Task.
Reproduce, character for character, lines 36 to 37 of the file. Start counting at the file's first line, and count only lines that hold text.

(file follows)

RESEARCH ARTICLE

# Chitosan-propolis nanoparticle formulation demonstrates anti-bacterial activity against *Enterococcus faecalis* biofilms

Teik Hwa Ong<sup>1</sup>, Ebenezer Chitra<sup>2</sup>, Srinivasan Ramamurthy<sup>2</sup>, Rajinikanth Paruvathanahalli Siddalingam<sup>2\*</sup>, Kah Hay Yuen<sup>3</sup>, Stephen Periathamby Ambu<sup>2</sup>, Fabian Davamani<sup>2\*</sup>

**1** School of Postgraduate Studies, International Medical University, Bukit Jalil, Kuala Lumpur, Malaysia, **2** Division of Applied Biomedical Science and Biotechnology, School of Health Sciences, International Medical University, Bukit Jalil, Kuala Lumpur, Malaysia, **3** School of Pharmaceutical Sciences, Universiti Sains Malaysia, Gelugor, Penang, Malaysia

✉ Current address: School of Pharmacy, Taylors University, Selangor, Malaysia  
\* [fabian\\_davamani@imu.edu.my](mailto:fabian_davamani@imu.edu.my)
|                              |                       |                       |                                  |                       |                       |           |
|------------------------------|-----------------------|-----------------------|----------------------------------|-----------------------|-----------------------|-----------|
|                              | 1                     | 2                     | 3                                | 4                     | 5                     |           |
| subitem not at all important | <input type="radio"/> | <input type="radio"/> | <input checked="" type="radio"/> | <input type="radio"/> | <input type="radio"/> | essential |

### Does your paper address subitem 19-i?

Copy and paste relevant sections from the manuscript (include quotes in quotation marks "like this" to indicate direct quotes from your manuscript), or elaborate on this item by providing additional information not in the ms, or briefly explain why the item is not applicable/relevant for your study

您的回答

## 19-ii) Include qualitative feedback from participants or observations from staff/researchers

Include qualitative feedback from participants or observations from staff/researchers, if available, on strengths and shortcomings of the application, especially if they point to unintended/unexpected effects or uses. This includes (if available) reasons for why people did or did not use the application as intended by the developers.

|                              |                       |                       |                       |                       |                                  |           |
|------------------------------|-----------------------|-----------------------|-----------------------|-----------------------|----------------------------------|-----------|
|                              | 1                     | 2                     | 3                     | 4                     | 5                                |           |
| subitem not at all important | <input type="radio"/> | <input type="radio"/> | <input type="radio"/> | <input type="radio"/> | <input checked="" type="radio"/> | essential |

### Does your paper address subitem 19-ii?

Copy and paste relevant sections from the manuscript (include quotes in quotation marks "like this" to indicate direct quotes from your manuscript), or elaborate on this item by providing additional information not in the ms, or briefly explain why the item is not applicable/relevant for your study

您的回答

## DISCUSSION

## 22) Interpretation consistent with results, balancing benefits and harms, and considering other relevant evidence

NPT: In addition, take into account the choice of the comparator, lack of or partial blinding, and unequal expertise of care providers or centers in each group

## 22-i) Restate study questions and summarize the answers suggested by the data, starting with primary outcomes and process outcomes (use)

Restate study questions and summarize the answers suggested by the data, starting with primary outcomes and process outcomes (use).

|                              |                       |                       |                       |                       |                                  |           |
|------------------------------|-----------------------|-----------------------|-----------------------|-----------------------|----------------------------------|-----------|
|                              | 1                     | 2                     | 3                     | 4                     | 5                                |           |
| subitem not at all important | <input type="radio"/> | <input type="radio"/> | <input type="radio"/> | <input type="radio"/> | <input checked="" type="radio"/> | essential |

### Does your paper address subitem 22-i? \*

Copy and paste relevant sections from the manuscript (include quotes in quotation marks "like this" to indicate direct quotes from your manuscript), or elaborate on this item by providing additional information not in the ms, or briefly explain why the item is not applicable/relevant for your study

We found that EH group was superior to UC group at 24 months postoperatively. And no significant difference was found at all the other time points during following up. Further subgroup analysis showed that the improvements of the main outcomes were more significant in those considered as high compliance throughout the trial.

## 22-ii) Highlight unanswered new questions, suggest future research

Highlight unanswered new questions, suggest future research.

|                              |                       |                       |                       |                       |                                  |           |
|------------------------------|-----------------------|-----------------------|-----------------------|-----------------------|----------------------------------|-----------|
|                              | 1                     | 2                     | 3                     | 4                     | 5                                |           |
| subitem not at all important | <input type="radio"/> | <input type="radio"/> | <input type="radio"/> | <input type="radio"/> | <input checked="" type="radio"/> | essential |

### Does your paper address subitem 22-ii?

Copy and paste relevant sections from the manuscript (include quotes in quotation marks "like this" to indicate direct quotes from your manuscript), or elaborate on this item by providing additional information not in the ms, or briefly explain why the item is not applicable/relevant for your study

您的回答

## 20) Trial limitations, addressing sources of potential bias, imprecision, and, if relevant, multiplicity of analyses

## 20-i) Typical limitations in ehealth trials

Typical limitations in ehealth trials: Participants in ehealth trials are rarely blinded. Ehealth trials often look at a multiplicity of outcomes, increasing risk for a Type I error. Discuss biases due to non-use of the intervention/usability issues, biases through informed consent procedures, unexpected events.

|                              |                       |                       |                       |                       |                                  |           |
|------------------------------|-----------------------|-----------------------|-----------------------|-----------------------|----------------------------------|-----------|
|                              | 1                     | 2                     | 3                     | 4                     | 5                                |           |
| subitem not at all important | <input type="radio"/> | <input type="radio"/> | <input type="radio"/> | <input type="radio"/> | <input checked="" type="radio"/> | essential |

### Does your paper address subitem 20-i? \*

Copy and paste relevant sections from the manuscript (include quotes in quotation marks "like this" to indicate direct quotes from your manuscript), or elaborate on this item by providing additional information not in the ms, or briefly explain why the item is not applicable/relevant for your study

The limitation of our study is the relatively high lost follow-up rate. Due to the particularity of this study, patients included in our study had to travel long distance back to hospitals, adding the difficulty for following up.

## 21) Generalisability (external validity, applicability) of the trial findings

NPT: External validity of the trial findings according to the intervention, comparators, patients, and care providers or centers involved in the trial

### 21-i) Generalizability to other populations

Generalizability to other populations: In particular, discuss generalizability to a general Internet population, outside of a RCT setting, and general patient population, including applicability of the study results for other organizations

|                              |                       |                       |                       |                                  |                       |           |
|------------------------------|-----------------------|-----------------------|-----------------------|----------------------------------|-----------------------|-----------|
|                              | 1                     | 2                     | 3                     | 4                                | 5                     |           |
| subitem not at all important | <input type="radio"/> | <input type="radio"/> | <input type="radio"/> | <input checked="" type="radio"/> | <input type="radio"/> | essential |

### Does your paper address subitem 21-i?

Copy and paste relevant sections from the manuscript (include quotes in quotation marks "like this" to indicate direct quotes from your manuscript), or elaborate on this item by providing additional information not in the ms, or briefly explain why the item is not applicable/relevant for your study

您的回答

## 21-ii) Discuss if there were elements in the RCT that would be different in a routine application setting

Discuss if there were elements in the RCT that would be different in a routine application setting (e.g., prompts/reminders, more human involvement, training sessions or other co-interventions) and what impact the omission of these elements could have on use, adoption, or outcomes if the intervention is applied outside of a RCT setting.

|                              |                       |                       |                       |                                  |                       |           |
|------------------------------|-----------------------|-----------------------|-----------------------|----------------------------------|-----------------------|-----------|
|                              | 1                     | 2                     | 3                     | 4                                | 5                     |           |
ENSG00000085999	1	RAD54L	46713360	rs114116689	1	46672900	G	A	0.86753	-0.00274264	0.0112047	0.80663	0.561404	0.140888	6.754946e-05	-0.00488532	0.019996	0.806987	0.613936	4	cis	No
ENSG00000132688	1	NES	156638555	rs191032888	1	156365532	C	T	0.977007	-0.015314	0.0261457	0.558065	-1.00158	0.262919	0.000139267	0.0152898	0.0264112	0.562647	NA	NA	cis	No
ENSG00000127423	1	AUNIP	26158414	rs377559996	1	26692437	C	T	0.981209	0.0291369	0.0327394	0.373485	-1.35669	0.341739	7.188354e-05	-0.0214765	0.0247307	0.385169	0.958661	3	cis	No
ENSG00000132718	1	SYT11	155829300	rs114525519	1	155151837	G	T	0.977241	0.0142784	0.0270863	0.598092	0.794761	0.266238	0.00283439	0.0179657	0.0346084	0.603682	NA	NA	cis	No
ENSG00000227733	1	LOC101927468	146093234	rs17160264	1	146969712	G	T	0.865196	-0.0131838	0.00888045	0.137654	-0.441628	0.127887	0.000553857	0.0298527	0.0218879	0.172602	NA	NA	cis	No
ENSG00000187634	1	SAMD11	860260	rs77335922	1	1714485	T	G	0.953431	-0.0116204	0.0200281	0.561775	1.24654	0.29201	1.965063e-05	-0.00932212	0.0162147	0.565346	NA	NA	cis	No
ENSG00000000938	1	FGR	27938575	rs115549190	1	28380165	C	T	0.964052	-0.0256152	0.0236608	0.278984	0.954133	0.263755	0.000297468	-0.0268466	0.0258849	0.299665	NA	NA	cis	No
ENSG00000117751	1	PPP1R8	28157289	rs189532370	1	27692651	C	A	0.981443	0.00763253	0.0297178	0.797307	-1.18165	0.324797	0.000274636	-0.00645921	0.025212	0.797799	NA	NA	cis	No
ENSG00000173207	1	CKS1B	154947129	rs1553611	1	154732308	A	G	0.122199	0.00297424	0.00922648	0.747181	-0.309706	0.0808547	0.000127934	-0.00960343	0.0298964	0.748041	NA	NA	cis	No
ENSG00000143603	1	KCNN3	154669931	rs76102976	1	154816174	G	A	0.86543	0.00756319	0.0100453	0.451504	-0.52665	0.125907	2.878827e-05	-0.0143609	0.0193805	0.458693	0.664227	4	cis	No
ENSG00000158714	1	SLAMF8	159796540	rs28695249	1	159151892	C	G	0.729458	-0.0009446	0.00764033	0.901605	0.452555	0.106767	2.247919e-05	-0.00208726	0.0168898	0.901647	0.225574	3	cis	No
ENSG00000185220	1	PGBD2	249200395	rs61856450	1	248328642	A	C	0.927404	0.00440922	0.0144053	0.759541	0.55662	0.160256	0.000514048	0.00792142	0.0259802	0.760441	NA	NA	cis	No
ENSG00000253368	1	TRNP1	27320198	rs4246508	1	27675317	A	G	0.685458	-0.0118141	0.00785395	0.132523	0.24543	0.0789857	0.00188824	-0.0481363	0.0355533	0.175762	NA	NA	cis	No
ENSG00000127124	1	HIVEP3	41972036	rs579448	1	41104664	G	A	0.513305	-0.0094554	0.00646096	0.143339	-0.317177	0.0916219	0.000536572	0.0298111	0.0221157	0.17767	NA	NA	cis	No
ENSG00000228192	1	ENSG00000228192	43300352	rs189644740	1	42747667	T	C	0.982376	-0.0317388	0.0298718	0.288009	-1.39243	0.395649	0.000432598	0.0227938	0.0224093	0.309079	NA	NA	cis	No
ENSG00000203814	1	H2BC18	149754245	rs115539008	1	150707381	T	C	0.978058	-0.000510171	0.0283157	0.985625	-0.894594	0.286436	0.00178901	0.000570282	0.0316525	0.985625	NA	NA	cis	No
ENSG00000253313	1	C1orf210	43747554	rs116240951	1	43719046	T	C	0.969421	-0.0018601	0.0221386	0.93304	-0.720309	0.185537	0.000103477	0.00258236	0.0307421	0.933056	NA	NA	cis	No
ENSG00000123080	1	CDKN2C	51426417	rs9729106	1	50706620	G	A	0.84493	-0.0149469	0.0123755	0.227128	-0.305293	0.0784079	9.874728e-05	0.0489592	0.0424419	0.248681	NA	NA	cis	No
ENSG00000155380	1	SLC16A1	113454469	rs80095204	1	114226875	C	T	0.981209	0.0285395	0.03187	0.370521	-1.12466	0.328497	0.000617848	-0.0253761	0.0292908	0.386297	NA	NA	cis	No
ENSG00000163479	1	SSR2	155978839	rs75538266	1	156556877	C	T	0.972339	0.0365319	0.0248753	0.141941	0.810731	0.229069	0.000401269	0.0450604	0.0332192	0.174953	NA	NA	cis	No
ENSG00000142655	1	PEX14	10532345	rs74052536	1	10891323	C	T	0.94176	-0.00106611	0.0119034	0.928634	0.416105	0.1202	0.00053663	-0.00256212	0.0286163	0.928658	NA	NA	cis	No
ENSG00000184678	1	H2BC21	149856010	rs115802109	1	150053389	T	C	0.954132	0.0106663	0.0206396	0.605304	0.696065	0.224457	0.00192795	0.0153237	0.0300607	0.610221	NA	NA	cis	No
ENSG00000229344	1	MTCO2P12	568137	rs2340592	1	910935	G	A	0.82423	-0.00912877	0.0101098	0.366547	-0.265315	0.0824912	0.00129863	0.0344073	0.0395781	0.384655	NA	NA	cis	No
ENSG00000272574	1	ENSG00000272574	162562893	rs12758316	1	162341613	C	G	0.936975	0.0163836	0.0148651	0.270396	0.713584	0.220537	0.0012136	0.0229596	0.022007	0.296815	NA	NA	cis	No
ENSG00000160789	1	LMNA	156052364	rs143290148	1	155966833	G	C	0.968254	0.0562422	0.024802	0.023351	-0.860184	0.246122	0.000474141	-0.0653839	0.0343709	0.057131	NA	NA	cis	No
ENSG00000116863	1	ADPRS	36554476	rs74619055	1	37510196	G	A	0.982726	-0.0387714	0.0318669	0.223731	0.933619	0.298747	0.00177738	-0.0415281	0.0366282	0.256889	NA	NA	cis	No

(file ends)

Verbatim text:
Highlight unanswered new questions, suggest future research.

|                              |                       |                       |                       |                       |                                  |           |